Charter's ATSC 3.0 pitch to FCC appears part of a broader industry stonewalling initiative

In the six weeks since Charter Communications executives met with senior Federal Communications Commission staffers to explain their reluctance to carry ATSC 3.0 ("NextGen TV") signals, a continuing flurry of discussions has simmered - usually couched in questions about why Charter picked this moment to voice its opposition to carrying the value-added broadcast signals. The Next Generation TV rulemaking proposal has been festering at the FCC for nearly two years as major broadcasters, such as Sinclair Broadcasting Group and the Pearl TV Group (which includes Cox Media Group, Hearst Television Inc., Nexstar Media Group and TEGNA, among others), run field trials to test how the technology works.

Charter's primary points to the FCC were that it doesn't intend to carry 3.0 signals since broadcasters have not yet settled on standards and that many of the proposed auxiliary services (such as wireless data transmission) don't fit with retransmission agreements.

Analysts contend that Charter's meeting was "a ploy to slow down" the ATSC 3.0 process. They claimed to be perplexed since cable equipment will be relatively inexpensive; some believed that the Charter initiative is part of a cable industry scheme to retain data transmission businesses and impede broadcasters' entry into that sector.

Skeptics wondered about Charter's timing, since the current ATSC 3.0 plan envisions at least a five-year period during which local TV stations will continue to transmit the existing ATSC 1.0 (high definition) digital signals that cable systems currently retransmit. 

Charter's depiction of how broadcast repacking will affect cable feeds.

Charter's depiction of how broadcast repacking will affect cable feeds.

Moreover, at the FCC meeting, Charter demonstrated the problems that will arise in the Phoenix area (site of Pearl TV's NextGen TV field test), although Charter has only a small piece of the Phoenix cable market. In fact, it used illustrations developed originally by Cox Communications, which is the largest cable operator in that market.

Shortly after Charter's "ex parte" disclosure of its late-July FCC meeting was disclosed, ONE Media 3.0 LLC, Sinclair's high-tech development subsidiary, responded by accusing Charter of confusing standards with flexible uses for non-television delivery of data.

"If a MVPD [Multichannel Video Programming Distributor] and broadcaster are motivated to add an ATSC 3.0 delivered feature or service to the MVPD’s platform, implementation will be achieved in a reasonable timeframe and based on mutual business objectives," said ONE Media Executive VP Jerald Fritz. He pointed out that, "Broadcasters have been working closely with equipment vendors to establish basic television service profiles."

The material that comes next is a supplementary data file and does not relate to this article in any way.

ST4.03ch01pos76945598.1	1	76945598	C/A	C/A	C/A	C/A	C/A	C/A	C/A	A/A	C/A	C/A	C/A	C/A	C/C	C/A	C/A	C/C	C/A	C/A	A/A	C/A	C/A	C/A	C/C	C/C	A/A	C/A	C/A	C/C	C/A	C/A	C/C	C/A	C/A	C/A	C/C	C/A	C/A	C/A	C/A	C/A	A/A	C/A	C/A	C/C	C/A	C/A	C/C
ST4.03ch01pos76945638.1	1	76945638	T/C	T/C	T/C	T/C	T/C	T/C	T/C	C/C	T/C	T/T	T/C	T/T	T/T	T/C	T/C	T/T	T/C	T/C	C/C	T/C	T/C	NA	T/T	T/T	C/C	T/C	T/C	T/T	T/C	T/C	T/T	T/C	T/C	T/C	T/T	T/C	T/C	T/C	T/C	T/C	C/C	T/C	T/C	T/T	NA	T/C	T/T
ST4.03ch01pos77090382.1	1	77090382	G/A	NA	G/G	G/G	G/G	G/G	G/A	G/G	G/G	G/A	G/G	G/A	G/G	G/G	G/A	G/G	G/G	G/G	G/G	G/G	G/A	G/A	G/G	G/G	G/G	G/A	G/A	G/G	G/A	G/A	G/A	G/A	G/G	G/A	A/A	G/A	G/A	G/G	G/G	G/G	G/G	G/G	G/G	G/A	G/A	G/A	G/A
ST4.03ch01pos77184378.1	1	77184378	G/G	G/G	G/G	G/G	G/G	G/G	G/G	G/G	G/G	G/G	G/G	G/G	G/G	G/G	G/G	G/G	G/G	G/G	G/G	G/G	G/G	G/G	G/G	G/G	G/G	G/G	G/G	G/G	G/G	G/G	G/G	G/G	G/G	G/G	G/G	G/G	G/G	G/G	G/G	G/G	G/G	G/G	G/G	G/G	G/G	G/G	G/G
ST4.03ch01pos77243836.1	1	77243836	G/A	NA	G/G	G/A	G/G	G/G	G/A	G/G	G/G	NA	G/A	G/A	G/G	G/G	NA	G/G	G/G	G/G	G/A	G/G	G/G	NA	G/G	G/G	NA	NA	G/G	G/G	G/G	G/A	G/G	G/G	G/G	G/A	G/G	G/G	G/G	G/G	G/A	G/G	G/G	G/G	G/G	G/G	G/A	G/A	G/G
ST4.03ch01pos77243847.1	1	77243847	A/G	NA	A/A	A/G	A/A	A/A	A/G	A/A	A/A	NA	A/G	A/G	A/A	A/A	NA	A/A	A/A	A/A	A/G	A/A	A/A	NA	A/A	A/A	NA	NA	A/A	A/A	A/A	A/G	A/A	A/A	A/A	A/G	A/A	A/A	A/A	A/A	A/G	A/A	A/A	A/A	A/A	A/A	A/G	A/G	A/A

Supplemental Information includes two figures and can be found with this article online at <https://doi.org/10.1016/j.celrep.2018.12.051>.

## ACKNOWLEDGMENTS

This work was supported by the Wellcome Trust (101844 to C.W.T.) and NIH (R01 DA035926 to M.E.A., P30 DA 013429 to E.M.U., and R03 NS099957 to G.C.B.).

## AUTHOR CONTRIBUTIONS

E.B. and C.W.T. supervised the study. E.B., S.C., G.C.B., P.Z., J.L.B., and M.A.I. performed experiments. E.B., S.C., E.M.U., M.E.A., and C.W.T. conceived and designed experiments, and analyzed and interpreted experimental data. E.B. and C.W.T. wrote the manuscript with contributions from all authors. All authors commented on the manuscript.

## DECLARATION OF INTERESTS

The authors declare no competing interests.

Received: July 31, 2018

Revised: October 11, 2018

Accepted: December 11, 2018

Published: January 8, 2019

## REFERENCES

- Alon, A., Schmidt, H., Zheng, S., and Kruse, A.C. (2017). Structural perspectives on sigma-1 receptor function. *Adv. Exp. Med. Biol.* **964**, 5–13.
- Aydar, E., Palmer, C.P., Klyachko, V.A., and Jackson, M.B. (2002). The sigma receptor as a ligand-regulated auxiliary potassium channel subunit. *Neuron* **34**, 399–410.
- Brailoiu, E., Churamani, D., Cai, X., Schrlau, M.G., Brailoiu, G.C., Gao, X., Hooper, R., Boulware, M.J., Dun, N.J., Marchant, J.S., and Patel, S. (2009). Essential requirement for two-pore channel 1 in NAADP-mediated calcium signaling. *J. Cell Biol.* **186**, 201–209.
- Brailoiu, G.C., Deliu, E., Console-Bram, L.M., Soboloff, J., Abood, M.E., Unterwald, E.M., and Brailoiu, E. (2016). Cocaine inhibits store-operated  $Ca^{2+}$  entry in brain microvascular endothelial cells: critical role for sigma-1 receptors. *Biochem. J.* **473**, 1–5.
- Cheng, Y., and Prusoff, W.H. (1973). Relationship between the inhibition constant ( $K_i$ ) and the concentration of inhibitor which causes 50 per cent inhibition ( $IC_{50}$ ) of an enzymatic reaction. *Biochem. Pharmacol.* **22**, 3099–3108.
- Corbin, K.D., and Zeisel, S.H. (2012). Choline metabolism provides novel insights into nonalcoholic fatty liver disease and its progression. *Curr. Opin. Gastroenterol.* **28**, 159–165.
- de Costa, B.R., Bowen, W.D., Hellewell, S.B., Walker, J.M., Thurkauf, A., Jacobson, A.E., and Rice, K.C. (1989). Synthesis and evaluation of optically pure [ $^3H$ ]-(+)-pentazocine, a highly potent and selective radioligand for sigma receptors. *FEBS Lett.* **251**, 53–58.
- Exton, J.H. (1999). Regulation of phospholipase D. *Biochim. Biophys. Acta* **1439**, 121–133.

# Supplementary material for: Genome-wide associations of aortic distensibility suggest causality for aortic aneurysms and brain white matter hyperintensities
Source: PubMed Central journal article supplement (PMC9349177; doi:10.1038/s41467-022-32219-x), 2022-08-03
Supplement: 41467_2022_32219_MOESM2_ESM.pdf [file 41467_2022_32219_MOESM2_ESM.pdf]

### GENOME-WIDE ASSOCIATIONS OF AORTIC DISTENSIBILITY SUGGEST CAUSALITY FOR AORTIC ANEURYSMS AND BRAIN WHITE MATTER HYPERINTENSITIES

Pearl TV Managing Director Anne Schelle told Multichannel News that her group has been working with CableLabs to explore "3.0 implementation in many different ways with cable." She acknowledged that it will take "more time," but like Fritz, Schelle noted that 1.0 transmissions will continue for several years.

A week later, the Engineering Committee of the Society of Cable Telecommunications Engineers sent a message to Advanced TV Standards Committee President Madeline Noland which was fundamentally a "thanks but no thanks" response to an invitation to begin working on carriage of the 3.0 format via cable. In its August 13 memo (obtained by Multichannel News), the SCTE committee said it "appreciates this request, which reflects a history of productive collaboration between ATSC and SCTE," but that it does not "feel that the ATSC 3.0 specification in its current form is ready for work in SCTE."

"It would be better for us to defer initiation of the work until such time as the broadcast industry efforts are completed," SCTE said.

As for the Charter executives who made their presentation to the FCC, they have clammed up.

"We have no comment beyond the ex parte filing. It speaks for itself," a Charter official told MCN.

In response to a query to NCTA about its stance on NextGen TV, a spokesman forwarded the Association's 18-month-old comments to the FCC when the Commission opened its NextGen TV rulemaking. He told MCN that NCTA would have "nothing more to say" about the current situation.

Meanwhile, the National Association of Broadcasters had a succinct, pithy response to the Charter meeting, saying it " raises issues that are simply irrelevant."

NAB Executive VP Dennis Wharton reaffirmed that MVPDs are not required to carry Next Gen signals and broadcasters will be required to simulcast ATSC 1.0 signals for a considerable period.

"The only apparent motivation behind Charter’s filing is its desire to stifle competitive innovation,” Wharton said.

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